From setting standards for genetic newborn screening to helping pharma create a shared platform to treat thousands of rare diseases, IMI is ready to help drive the science forward
A rare disease, by definition, affects relatively few people. But with thousands of different types of rare disease, taken collectively, they affect millions of patients in the EU alone. Defective genes cause the majority of these diseases, and gene therapy in particular has offered a lot of hope to patients and their families in their search for cures.
The concept of gene therapy is deceptively simple; find the ‘bad’ gene, and replace it with the ‘good’ gene. However, early attempts to do this were unsuccessful. To take one high-profile example, clinical trials were carried out in the nineties involving so-called ‘bubble babies’, who suffer from a rare disease called ADA-deficient SCID, which is caused by a mutation in a single gene. The disease effectively leaves these children with no functioning immune system, requiring them to live in isolated, sterile bubbles. However, to the horror of the researchers in these early gene therapy attempts, the ‘good’ gene would sometimes unexpectedly insert itself into the chromosome of the child, leading to leukaemia.
The kind of problem IMI is designed to solve
In the past few decades, drug developers have tried to work out ways to overcome this DNA integration problem, which has given rise to a whole series of vector technologies. Progress has been slow, however, with few companies willing to invest in developing treatments that are not volume-based. They have also struggled to take intellectual property positions on specific vector types and delivery systems. As this is the kind of problem IMI is specifically designed to solve, we have been able to entice companies to come together to make an attempt to break the deadlock.
Defining a pre-competitive space was very challenging for the pharma companies. Not for the first time, there was a reluctance to share openly and work collectively, with individual companies determined to solve the problem on their own. However, it soon became clear that it would be much more cost-effective to work together. Because the number of people with these diseases will remain relatively small, what’s needed is a way to create incentives without having access to volume-based markets. Could they create a unified, shared platform that everybody could use to treat hundreds or even thousands of diseases in the same way, thereby drastically cutting the costs?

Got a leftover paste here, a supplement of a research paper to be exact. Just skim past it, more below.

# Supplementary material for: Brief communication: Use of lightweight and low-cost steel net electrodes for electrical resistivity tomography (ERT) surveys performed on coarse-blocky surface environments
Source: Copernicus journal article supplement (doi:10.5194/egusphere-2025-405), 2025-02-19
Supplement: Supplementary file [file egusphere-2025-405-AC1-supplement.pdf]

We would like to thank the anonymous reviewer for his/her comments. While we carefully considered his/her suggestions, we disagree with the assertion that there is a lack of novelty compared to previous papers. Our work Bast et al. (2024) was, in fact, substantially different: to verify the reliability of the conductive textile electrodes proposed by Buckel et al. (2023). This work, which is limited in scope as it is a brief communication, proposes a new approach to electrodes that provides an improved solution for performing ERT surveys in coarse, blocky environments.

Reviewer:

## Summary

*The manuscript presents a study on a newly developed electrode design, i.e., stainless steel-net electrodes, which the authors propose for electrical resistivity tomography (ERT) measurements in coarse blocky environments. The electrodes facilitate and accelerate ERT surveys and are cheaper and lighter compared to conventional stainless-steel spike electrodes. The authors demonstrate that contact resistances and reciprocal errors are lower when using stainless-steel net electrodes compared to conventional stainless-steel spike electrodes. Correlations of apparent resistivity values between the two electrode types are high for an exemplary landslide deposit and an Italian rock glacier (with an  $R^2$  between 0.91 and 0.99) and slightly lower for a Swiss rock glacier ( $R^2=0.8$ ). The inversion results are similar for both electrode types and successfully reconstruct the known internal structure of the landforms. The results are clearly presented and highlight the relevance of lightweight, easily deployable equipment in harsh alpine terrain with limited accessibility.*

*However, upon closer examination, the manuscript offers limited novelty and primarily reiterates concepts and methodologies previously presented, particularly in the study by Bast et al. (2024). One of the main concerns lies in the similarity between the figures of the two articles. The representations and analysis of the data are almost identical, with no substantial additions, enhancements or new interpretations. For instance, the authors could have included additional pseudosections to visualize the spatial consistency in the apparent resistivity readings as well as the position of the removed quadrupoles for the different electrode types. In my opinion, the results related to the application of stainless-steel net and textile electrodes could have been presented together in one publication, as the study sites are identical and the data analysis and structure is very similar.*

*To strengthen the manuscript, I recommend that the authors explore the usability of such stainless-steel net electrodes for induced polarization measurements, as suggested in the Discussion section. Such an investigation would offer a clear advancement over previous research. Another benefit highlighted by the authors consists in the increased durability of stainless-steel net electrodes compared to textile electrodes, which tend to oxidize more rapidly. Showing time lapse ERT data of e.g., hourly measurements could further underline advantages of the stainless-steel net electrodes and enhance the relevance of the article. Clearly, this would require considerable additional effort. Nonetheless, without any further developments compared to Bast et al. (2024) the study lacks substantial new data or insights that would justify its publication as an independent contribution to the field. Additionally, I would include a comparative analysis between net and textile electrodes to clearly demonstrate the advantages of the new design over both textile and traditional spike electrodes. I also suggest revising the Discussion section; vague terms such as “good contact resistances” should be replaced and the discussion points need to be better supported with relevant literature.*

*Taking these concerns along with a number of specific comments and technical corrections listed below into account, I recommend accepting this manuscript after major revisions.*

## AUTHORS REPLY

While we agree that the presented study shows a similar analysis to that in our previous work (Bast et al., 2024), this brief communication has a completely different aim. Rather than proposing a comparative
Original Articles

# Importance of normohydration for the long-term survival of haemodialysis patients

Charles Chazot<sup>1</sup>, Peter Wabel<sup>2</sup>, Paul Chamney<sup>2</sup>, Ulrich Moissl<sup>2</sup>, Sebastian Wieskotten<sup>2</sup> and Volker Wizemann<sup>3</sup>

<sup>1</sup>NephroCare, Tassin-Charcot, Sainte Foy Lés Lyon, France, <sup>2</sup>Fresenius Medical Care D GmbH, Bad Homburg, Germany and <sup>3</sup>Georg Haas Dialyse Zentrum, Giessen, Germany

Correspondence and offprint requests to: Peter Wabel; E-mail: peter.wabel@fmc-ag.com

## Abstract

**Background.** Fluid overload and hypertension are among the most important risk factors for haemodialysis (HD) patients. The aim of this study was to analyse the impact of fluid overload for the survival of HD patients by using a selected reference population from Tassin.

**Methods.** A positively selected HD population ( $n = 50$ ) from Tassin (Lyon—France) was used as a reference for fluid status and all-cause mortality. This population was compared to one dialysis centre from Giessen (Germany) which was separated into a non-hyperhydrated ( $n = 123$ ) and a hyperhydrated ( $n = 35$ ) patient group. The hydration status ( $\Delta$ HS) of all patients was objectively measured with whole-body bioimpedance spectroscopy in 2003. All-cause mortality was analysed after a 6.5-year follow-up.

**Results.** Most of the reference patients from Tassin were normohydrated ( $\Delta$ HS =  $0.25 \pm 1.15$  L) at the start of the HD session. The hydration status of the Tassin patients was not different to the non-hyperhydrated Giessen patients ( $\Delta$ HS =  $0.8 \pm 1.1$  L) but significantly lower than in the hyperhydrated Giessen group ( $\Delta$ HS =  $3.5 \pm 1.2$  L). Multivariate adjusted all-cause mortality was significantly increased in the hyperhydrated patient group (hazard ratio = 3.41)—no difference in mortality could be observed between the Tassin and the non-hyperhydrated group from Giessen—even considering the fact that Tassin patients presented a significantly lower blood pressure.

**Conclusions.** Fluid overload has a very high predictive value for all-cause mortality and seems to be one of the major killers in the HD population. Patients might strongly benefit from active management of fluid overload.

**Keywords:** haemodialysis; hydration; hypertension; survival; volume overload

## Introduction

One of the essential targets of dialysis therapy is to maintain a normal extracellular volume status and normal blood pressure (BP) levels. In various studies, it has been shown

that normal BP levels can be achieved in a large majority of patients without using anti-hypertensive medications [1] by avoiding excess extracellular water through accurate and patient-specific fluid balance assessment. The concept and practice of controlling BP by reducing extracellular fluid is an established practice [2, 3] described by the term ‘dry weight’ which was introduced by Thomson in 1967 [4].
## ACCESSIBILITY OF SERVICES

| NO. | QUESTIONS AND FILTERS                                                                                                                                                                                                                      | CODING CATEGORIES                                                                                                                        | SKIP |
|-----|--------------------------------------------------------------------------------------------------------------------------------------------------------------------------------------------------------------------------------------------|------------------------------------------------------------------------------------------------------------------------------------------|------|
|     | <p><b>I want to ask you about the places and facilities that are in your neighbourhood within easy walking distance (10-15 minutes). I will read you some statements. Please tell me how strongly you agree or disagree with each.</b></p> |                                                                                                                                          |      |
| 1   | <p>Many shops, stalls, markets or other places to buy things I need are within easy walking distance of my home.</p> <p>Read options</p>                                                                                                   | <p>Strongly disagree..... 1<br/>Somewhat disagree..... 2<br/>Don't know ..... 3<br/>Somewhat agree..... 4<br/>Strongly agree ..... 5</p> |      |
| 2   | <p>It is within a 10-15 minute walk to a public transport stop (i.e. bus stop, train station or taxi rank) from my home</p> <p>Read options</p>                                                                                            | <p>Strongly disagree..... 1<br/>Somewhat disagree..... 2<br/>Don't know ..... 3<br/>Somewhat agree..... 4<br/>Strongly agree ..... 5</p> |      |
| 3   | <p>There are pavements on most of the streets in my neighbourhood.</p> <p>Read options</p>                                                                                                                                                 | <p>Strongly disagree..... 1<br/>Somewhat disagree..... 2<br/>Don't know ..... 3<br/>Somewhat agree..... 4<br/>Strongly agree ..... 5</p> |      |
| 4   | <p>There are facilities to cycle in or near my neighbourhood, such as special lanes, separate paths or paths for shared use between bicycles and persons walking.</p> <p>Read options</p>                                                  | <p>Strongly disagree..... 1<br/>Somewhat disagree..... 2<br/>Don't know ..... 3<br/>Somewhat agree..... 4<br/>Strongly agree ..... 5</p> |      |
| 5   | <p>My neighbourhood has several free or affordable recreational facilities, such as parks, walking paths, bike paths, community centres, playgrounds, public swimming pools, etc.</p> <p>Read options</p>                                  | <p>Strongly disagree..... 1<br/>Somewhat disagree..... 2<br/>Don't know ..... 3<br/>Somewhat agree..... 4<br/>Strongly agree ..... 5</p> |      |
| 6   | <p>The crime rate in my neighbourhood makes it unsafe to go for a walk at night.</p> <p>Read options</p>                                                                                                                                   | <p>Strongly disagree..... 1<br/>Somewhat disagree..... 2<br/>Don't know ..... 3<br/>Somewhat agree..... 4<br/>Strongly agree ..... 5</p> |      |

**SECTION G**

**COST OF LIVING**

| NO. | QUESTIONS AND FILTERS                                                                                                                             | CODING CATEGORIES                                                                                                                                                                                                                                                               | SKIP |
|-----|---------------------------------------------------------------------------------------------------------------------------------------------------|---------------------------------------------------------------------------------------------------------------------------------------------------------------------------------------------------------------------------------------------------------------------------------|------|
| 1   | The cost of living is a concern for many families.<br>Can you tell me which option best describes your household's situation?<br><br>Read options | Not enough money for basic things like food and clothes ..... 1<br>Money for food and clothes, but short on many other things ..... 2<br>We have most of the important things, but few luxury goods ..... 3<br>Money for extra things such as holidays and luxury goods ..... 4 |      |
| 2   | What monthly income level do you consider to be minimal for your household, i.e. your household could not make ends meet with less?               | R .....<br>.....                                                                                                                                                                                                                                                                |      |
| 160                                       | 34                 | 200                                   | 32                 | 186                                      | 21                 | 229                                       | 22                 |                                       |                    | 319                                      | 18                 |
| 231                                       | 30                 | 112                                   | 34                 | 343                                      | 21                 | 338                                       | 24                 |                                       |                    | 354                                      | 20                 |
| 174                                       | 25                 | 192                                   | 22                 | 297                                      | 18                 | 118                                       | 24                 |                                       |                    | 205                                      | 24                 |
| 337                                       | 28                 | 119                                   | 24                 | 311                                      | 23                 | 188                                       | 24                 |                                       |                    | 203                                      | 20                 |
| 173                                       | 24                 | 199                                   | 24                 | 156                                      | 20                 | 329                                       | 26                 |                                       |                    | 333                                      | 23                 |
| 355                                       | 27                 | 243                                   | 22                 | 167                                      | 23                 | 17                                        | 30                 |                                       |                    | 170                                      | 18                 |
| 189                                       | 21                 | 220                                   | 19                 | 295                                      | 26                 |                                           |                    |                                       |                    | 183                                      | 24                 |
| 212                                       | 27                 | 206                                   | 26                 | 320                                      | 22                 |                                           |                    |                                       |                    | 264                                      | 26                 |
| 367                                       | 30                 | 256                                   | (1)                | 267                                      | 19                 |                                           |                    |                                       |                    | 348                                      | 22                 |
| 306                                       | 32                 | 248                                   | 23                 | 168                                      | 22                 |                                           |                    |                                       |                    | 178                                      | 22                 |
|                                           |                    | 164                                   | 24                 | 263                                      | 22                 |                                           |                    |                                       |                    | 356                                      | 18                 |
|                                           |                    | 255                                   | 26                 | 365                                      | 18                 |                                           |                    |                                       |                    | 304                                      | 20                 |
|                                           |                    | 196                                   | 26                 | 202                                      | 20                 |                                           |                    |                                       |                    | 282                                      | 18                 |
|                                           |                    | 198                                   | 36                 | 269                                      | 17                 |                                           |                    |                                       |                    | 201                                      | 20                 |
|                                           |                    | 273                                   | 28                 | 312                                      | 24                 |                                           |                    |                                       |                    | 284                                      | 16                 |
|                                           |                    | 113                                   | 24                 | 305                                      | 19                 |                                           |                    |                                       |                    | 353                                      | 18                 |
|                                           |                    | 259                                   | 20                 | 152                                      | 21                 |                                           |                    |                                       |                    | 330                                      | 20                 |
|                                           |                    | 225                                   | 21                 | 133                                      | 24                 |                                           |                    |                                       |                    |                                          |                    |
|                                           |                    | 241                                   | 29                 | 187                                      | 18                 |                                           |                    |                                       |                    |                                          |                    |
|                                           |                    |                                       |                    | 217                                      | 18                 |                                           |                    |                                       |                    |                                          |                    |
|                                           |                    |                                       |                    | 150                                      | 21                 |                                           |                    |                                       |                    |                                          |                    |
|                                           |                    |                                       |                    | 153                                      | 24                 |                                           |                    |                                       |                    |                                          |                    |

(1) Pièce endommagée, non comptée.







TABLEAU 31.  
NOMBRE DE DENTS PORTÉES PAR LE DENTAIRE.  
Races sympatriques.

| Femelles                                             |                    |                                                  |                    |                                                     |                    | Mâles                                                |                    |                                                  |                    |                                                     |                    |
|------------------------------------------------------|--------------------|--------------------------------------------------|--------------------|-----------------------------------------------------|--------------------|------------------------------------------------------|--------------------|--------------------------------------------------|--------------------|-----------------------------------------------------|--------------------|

The project ARDAT, which was launched in 2020 after many years of discussion, looks at the gene delivery system problem and issues of immunogenicity, in order to establish some standards for vector technologies. The idea is to create a series of unified strategies and standards that each company could then use in a horizontal way, so that they can approach the regulators as a whole, and get buy-in on manufacturing processes, toxicology, preclinical testing, characterisation and so on. This would stop wasteful duplication of efforts, with each player approaching the regulators with completely different standards, slowing down progress. With a more streamlined regulatory and clinical trials design pathway, costs will come down, and the whole process will be accelerated so that patients get treatments faster.
Towards a horizontal way of working
This is what happened with the Ebola vaccine. A new type of platform was validated during one of our Ebola projects, and now, when J&J came to develop their COVID-19 vaccine, they were able to use the same platform about which a whole series of questions had already been answered. We hope for a similar outcome with the Call we launched in 2020 related to genetic newborn screening. Diagnosing rare disease patients as early in life as possible would allow them to get the best care. However, once again, deciding on standards for such a screening platform would require all stakeholders around the table, considering not only the scientific challenges, but also the myriad of ethical, legal, and public policy questions that surround the topic.
IMI has also funded a research project related to a specific rare disease called Fibrodysplasia ossificans progressiva (FOP), one of the rarest diseases in the world. FOP causes a defect in a gene related to bone metabolism. What I find very interesting is that this gene is implicated in many other more common diseases, including certain cardiac malformations, cancers of the nervous system and Parkinson’s disease. What I would like to know is: what can we learn about the link between specific genes and other more common diseases? I suspect that our understanding of this link would be extremely beneficial, and it’s exactly the kind of pre-completive research question that IMI specialises in.
Science has tended to neglect diseases that affect small numbers of people, but that has been changing. In the EU, the policy appetite for spending on rare diseases is huge. The European Joint Programme on Rare Diseases, which recently invited me to join their board, is very prominent in our world, and IMI intends to collaborate with them in a much more proactive direct way in the future. Europe has really been a leader in this area, and IMI stands ready to help drive the science forward.